OP. Can you do Notre Dame please? I am an incoming freshman there. I tried to but could not tell the difference between different roles.

  • Analyst 3+ in IB-M&A
Jul 31, 2022 - 12:02pm

This is awesome but in order to get a more accurrate picture would remove Brookfield HIG and Ares as per above and add Hellman plus Advent 

  • Intern in IB-M&A
Jul 31, 2022 - 3:14pm

is this data of employees from Analyst to Partner?

edit: wait are these the number of analysts only? 

Aug 1, 2022 - 10:31am
OttoReadmore, what's your opinion? Comment below:

Why did you not include Cornell or Stern? The numbers won't top Harvard or Princeton but those numbers can't be non-significant.

"Even if you're on the right track, you'll get run over if you just sit there" - Will Rogers
  • 4
  • Prospect in PE - Other
Aug 1, 2022 - 9:47pm

I went to Harvard and I honestly see more Cornell and Stern representation than Harvard representation in NYC PE (obviously location and school size play a role but it's still crazy). I wouldn't be surprised if they were top half of the list despite being "less prestigious" than some of the other schools noted.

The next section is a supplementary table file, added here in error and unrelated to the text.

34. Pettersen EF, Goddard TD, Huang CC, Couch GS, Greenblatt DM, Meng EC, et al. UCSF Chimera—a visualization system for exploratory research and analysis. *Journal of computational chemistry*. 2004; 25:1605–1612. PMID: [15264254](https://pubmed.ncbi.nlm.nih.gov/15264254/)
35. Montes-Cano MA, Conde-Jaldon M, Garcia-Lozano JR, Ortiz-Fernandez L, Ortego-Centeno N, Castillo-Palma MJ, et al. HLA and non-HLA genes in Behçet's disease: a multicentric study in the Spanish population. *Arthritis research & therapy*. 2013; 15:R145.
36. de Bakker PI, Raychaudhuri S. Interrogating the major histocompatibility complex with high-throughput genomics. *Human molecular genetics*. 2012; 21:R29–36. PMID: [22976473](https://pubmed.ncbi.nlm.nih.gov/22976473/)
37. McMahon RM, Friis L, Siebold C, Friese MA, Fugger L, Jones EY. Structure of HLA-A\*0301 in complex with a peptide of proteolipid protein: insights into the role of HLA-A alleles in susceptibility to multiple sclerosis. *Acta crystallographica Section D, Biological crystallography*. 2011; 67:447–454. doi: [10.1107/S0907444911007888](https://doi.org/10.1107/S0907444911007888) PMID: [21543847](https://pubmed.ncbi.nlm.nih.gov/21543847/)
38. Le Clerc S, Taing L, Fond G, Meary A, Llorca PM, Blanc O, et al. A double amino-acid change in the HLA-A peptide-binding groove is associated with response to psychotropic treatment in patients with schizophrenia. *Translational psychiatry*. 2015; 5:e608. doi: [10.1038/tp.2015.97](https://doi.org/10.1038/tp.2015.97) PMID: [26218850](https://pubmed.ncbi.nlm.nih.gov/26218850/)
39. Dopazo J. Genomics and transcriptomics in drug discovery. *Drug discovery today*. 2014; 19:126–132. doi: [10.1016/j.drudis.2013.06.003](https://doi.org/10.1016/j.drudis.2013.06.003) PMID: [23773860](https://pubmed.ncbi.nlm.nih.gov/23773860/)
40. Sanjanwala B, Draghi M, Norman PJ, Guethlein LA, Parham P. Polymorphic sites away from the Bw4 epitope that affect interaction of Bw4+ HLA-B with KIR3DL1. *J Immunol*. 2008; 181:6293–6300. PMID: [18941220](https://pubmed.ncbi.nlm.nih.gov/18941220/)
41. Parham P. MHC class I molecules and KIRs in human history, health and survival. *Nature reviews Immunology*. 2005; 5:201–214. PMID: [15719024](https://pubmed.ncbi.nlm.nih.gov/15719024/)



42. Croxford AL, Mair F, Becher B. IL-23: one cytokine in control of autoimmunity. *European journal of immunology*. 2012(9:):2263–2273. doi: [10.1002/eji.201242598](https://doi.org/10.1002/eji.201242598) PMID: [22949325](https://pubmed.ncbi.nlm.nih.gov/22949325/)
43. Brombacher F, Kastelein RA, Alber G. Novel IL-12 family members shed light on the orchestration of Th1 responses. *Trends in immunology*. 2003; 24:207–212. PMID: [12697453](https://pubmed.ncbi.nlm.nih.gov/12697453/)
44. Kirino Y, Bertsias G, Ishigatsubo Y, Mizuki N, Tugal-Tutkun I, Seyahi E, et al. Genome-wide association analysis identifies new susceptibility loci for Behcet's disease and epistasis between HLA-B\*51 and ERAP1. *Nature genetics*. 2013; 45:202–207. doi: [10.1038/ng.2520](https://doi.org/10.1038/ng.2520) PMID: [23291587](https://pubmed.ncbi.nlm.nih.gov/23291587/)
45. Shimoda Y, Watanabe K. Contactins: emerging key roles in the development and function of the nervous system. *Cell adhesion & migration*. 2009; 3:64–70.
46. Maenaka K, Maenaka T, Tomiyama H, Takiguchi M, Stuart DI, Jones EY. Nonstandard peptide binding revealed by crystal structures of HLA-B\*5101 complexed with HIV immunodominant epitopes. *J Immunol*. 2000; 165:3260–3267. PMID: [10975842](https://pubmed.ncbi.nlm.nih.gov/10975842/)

• Intern in IB-M&A
Aug 1, 2022 - 10:38pm

what do all the kids at harvard do if not gun for PE 

(note: idk how big class sizes are among schools, so this could be a reason)

  • Analyst 1 in IB - Cov
Aug 1, 2022 - 11:08pm

If anything, I'm surprised Princeton has that much?

Everyone knew Dartmouth hit way above their weight class for finance, and considering most of the top shops were founded by Dartmouth alums / have alums in top positions, it's not a surprise. 

Aug 4, 2022 - 11:45am
MasaSon, what's your opinion? Comment below:

Why would anyone be surprised by the Princeton numbers? I'm more surprised they didn't beat out Wharton for the top spot in this analysis.

  • Incoming Analyst in Consulting
Aug 4, 2022 - 1:39pm

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  • Associate 1 in IB - DCM
Aug 4, 2022 - 5:02pm